Contrary to what some may think, if you pass away without a will, the state will not keep all your belongings. Instead, the state provides your estate plan for you. Is it what you would have picked? Many times it is not. If you care where your belongings will go at your death, it is important to make your own decisions with a comprehensive estate plan. It is never too early to plan to avoid unintended consequences.
Are you caring for someone with special needs? If you pass away before that person, what will happen to them? Who will provide for their care? How will they be taken care of? Is your loved one on Medicaid? Are you leaving them an inheritance? If a person receiving Medicaid benefits is left assets that push them over the Medicaid threshold, they will be "kicked off" Medicaid. This can cause serious issues for someone who needs the benefits provided by Medicaid. These unintended consequences can be avoided by setting up a Supplemental Needs Trust, also commonly referred to as a Special Needs Trust, for your loved one. By leaving an inheritance to someone in this statutory trust, your loved one can still qualify for important government benefits. Medicaid planning is a complicated subject. Be sure to visit an attorney who is experienced in this particular type of planning when you update your estate planning documents.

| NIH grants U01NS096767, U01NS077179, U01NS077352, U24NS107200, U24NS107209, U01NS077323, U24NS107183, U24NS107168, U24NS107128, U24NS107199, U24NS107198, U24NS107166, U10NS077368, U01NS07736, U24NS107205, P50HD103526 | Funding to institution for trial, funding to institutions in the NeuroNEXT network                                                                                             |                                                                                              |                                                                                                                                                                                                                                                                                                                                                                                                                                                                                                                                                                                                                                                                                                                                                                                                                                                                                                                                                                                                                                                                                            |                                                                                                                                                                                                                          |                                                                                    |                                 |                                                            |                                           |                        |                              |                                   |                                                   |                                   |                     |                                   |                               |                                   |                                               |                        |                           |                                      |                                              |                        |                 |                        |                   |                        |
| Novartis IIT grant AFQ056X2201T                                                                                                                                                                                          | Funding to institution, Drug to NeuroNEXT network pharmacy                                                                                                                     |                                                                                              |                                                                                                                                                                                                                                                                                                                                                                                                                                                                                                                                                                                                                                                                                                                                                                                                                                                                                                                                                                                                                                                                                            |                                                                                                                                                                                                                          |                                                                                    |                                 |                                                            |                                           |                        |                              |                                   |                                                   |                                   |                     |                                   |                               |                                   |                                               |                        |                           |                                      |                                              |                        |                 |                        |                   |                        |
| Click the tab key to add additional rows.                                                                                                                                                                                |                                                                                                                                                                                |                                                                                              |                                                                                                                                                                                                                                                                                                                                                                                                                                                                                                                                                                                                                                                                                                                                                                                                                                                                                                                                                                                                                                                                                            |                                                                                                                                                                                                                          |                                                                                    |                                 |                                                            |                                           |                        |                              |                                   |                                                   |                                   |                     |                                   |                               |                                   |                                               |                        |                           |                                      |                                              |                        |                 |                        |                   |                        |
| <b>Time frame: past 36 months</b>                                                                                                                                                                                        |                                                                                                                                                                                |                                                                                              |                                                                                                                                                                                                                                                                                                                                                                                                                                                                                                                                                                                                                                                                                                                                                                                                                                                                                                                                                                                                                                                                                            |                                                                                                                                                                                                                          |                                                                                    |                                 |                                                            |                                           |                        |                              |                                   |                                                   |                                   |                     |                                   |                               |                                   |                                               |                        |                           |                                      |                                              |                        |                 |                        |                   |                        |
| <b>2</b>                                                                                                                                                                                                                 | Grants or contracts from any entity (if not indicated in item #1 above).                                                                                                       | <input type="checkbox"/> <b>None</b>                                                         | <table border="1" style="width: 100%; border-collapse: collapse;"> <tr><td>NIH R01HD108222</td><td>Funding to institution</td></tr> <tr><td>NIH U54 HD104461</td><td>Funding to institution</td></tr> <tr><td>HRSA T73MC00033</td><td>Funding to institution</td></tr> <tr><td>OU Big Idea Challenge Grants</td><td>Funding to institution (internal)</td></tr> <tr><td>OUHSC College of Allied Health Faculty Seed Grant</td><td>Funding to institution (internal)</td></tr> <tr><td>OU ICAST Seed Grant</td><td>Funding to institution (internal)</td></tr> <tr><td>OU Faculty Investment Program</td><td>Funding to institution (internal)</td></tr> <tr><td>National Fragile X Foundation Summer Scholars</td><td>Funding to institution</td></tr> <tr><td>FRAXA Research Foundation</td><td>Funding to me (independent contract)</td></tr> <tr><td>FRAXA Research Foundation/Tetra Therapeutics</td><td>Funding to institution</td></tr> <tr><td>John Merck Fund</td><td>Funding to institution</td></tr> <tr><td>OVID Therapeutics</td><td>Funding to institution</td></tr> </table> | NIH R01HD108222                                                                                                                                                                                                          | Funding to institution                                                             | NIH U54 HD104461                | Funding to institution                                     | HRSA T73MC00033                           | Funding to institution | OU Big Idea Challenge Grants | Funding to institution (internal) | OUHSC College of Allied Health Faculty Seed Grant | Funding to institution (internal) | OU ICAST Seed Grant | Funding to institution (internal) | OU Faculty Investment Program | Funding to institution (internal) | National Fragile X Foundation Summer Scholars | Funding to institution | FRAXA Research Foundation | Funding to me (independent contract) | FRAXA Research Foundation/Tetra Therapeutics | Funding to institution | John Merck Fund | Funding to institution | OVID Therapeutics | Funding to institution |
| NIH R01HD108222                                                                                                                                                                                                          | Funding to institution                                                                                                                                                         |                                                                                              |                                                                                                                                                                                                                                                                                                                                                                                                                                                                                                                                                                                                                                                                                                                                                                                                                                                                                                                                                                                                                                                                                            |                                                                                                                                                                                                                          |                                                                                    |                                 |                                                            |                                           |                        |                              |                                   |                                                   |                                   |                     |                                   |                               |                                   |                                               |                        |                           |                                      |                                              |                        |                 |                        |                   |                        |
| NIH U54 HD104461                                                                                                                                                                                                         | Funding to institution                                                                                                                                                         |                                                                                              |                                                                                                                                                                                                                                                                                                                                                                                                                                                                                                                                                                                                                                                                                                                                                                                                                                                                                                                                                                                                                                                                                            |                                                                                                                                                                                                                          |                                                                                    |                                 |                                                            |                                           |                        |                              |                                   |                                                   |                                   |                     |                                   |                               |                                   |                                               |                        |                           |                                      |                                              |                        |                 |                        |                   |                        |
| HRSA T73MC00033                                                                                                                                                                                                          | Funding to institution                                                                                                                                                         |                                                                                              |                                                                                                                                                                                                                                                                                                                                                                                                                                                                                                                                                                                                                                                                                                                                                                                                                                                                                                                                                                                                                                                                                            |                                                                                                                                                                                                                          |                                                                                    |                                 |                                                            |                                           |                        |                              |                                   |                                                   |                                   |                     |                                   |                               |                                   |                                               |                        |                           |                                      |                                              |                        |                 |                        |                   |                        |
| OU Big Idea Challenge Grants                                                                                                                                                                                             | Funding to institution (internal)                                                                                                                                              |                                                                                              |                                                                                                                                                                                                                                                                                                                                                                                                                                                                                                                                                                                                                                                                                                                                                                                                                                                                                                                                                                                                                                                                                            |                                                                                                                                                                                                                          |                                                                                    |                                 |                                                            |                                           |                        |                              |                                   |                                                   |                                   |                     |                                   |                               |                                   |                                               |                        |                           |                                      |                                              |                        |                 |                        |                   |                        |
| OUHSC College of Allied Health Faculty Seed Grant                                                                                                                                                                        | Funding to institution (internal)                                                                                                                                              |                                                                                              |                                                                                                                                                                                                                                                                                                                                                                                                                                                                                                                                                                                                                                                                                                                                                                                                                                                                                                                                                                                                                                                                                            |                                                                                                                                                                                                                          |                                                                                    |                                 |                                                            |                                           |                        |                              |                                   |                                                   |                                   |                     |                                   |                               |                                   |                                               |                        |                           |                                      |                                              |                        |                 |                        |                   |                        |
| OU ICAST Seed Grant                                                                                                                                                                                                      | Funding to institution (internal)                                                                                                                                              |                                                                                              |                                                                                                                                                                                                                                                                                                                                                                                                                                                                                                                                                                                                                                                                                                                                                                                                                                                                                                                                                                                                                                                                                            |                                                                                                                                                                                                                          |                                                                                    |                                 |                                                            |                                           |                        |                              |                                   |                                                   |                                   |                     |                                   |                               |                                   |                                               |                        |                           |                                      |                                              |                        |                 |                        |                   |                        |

Earlier this week, the U.S. Supreme Court declined to hear an appeal of a Fourth Circuit Court of Appeals ruling allowing same-sex marriages. The result is that Virginia same-sex couples may now legally marry. South Carolina is also in the Fourth Circuit. While this ruling does not negate the current state constitutional ban on marriages in South Carolina, it leaves room for the South Carolina case Bradacs v. Wilson to be decided in favor of marriage. Charleston County and Richland County Probate Courts accepted their first marriage license applications from same-sex couples this week. This move is undoubtedly foreshadowing events to come.
State and federal recognition of same-sex marriages provides rights and benefits to those couples. And like other couples, it is important to have your estate plan and health care directives carefully reviewed by your estate planning attorney.